From 3-9 February 2023, the 5th International Marine Protected Area Congress (IMPAC5) will take place in Vancouver, Canada. The UNESCO World Heritage Marine Programme will chair the symposium on empowering local communities to adapt to climate change, bringing together practitioners from across the 29 coral reefs on UNESCO’s World Heritage List.
Held every four years, IMPAC is an important opportunity for the global community of marine conservation managers and practitioners to exchange knowledge, experience, and best practices to strengthen the conservation of marine biodiversity and to protect the natural and cultural heritage of the ocean. IMPAC5 will be a hybrid in-person and virtual conference to accommodate participants globally.
Marine World Heritage related events will focus on empowering communities and fostering a strong global network of marine protected areas to build resilience in a rapidly changing ocean.
The following events are highlighted:
This symposium will bring together leading figures from the Resilient Reefs Initiative - a 6-year, AUD$ 14 million project within which climate adaptation strategies are developed across World Heritage coral reefs in Palau, Belize, Australia and France. The symposium will feature best practice examples of how community engagement can be leveraged to design a climate adaptation strategy that works for people and nature, deepen understanding of community values and help navigate a joint course forward in a rapidly changing ocean.
The symposium will also highlight the benefits of UNESCO’s investment to build a global network across the 50 marine World Heritage managers over the past 10 years, in collaboration with practitioners and scientists and reflect how it has helped marine protected areas to be more resilient to the effects of climate change.
Led by the Great Barrier Reef Foundation and an international consortium of public and private partners, the Resilient Reefs Initiative is a ground-breaking new partnership that is transforming the way we plan for the future and secure resilience for people and nature. The project is currently being piloted in four UNESCO World Heritage coral reefs - the Rock Islands Southern Lagoon (Palau), Lagoons of New Caledonia (France), Belize Barrier Reef Reserve System (Belize), and Ningaloo Coast (Australia) World Heritage sites.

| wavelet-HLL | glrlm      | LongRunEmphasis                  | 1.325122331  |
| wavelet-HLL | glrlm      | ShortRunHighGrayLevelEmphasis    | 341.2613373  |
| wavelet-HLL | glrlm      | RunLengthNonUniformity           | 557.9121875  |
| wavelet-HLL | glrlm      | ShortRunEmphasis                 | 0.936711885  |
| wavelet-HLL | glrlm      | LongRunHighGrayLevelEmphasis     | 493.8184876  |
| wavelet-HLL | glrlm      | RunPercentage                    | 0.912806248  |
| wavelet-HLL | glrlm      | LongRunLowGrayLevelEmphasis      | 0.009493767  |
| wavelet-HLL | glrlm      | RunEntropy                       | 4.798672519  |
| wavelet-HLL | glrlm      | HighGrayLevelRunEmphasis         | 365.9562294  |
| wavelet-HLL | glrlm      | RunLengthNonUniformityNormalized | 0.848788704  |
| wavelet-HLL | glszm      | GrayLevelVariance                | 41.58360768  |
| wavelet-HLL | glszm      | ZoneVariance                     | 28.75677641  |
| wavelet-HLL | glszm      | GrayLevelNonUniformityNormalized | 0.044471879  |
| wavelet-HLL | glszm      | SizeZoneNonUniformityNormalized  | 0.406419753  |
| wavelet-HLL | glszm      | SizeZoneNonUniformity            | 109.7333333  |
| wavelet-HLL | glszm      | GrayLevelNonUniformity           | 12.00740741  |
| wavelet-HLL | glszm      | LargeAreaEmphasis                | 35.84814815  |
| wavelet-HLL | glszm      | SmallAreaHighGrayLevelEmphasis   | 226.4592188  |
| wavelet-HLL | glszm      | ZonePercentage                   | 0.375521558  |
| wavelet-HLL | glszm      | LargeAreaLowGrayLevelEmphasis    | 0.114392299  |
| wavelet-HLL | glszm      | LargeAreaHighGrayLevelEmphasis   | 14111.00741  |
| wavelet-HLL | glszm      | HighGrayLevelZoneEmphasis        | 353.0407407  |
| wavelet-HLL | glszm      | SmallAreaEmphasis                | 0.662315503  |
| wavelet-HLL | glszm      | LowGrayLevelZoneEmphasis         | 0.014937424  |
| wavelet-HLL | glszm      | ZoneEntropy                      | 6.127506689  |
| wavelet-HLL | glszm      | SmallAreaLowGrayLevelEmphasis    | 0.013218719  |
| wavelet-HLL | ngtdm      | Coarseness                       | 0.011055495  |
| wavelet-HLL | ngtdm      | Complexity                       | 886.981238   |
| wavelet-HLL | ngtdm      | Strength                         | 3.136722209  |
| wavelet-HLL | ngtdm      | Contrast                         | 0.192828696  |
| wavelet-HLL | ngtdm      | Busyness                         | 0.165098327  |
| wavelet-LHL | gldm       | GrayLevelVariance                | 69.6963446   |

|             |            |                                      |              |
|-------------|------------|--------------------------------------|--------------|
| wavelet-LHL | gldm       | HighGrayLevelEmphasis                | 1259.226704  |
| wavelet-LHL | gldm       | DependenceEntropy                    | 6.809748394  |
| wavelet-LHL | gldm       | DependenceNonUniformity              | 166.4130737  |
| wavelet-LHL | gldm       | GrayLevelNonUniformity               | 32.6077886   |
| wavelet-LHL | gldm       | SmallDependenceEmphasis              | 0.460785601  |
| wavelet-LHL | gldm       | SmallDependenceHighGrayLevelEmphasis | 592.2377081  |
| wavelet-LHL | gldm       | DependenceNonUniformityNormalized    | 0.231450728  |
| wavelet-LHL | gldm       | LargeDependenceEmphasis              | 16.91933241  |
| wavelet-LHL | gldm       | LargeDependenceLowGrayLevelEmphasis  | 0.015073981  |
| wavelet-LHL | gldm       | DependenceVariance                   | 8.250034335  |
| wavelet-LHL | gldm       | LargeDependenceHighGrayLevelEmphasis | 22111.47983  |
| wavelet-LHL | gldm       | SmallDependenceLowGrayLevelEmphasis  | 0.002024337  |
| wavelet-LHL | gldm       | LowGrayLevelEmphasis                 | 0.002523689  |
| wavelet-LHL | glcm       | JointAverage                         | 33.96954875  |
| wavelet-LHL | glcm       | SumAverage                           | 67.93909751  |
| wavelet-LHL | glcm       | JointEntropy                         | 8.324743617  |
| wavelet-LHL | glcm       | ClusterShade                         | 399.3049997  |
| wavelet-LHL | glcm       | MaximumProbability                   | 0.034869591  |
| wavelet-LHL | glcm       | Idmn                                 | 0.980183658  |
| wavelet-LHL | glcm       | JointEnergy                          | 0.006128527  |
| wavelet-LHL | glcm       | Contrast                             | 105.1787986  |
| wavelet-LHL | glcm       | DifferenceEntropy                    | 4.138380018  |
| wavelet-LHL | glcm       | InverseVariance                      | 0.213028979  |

Amélie is an environmental engineer graduating from the Ecole Polytechnique Fédérale de Lausanne (EPFL). After several experiences from the Red Sea to the Caribbean via the Arctic and Canada, Amélie now works as the Chief Resilience Officer for the Resilient Reefs Initiative in New Caledonia. Her role is to facilitate and support the development of a resilience strategy for the Lagoons of New Caledonia World Heritage site, through extensive community and stakeholder engagement.
Lolita is Program Manager of Conservation and Protected Areas for Palau Conservation Society. For the past 12 years her focus has been working with Palau communities to identify important land and reef areas to set aside for conservation and protection, as well as working with community planning teams to develop protected areas management plans and fisheries management plans. Lolita is also serving her first term in the IUCN Council from Oceania.
Chantalle is the Chief Executive Officer at the Coastal Zone Management Authority and Institute (CZMAI) in Belize. She has over 15 years of experience in the coastal and marine management field in Belize, with specific expertise in the areas of ecosystem services valuation, habitat risk modelling, marine spatial planning, integrated coastal zone management, marine policy synthesis and analysis and climate change adaptation.
As the Executive Director of Projects and Partnerships for the Great Barrier Reef Foundation, Theresa's role combines overseeing the delivery of the Foundation's AUD$700 million global conservation portfolio with building collaborative and enduring partnerships with indigenous peoples and local communities, donors, the science community, industry and government.